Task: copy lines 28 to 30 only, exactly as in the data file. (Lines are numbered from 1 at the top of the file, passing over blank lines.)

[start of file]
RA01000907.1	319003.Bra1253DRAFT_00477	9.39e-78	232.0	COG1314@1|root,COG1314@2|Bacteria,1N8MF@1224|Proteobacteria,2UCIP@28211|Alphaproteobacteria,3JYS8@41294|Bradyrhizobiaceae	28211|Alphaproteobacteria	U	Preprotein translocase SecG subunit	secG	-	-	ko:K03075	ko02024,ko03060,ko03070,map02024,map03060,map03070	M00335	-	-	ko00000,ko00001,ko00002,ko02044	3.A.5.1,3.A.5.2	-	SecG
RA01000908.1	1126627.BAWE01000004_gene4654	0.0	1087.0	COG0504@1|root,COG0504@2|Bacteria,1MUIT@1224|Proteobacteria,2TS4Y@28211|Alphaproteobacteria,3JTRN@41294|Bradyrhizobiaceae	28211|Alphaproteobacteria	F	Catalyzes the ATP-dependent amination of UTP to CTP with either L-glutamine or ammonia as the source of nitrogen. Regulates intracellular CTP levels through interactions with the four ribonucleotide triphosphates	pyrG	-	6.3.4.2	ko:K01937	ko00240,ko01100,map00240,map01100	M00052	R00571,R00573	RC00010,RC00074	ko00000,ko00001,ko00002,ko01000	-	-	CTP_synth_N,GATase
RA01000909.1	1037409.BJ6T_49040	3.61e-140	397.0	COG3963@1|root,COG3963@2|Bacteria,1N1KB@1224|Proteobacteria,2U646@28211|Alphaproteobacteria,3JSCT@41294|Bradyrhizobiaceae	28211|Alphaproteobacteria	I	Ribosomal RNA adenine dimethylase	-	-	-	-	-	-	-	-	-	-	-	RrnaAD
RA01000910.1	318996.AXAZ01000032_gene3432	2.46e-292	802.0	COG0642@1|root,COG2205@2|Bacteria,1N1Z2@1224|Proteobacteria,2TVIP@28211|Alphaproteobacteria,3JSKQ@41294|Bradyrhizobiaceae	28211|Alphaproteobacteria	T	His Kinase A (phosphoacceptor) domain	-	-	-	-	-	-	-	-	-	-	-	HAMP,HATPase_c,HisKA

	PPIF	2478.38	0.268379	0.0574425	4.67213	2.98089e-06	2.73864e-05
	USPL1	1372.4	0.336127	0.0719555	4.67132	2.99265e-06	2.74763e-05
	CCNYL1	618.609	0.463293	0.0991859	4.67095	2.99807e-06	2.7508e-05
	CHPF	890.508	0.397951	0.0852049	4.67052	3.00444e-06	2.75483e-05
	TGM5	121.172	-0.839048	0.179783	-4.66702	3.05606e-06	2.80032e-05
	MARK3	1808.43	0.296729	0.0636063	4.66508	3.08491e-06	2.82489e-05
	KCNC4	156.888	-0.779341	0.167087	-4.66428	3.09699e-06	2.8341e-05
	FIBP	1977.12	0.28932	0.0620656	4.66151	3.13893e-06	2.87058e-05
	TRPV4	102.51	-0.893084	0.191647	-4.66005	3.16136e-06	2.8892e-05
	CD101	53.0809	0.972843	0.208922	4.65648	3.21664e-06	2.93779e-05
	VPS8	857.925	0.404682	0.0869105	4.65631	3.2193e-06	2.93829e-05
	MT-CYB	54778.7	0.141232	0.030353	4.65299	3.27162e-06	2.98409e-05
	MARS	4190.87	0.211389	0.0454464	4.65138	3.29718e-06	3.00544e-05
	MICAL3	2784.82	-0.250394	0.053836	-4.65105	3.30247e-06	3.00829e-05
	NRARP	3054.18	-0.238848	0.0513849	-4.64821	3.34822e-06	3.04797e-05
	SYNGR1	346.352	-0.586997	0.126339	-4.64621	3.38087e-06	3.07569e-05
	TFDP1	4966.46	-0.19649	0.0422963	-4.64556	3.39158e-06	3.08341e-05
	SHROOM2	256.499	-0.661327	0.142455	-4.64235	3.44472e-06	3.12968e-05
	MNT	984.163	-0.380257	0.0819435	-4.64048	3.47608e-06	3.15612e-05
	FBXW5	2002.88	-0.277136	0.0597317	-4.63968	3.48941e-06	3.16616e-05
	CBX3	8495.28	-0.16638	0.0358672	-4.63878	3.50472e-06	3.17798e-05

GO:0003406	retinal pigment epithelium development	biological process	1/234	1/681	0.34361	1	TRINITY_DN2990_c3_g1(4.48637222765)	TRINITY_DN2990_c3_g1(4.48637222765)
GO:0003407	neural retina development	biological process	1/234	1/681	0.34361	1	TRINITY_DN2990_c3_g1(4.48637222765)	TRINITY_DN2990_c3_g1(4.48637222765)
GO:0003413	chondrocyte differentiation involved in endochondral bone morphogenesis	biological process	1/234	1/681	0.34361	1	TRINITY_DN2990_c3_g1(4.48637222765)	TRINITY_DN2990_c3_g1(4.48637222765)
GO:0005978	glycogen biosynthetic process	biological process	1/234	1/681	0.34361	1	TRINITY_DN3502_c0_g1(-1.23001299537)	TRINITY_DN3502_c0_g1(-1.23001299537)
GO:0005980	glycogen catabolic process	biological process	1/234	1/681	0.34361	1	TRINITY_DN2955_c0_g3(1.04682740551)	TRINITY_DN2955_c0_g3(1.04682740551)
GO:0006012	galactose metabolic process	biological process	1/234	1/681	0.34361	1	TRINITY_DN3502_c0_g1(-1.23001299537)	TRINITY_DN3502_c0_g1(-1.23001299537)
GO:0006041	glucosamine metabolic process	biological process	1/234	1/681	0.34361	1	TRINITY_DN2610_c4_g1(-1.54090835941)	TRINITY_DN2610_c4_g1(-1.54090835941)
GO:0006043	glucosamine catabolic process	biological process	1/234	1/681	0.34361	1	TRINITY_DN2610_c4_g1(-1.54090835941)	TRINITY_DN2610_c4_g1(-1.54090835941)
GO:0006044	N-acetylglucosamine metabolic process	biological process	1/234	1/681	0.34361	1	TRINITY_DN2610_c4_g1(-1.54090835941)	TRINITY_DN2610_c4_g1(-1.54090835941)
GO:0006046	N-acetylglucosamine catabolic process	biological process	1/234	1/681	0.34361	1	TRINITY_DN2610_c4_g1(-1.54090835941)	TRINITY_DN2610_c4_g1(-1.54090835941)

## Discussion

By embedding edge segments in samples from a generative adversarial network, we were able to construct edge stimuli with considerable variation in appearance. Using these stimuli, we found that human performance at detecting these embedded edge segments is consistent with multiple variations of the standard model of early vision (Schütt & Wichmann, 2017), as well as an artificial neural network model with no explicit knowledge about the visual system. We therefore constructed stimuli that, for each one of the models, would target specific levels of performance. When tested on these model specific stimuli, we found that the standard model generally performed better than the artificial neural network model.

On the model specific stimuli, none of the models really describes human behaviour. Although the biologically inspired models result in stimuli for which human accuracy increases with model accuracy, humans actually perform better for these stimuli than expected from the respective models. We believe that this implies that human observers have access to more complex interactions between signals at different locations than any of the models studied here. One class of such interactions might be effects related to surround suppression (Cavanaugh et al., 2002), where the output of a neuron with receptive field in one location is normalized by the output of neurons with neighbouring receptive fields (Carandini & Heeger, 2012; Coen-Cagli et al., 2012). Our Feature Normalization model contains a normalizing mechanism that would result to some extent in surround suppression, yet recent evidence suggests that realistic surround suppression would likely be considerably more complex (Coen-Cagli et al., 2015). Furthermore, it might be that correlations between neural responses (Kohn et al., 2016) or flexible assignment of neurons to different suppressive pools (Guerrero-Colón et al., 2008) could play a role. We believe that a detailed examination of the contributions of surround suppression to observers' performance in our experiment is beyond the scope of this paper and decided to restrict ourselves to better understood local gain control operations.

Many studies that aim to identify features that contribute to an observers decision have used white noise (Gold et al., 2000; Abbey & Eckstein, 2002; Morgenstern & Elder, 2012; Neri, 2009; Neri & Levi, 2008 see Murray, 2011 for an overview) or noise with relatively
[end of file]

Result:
GO:0003413	chondrocyte differentiation involved in endochondral bone morphogenesis	biological process	1/234	1/681	0.34361	1	TRINITY_DN2990_c3_g1(4.48637222765)	TRINITY_DN2990_c3_g1(4.48637222765)
GO:0005978	glycogen biosynthetic process	biological process	1/234	1/681	0.34361	1	TRINITY_DN3502_c0_g1(-1.23001299537)	TRINITY_DN3502_c0_g1(-1.23001299537)
GO:0005980	glycogen catabolic process	biological process	1/234	1/681	0.34361	1	TRINITY_DN2955_c0_g3(1.04682740551)	TRINITY_DN2955_c0_g3(1.04682740551)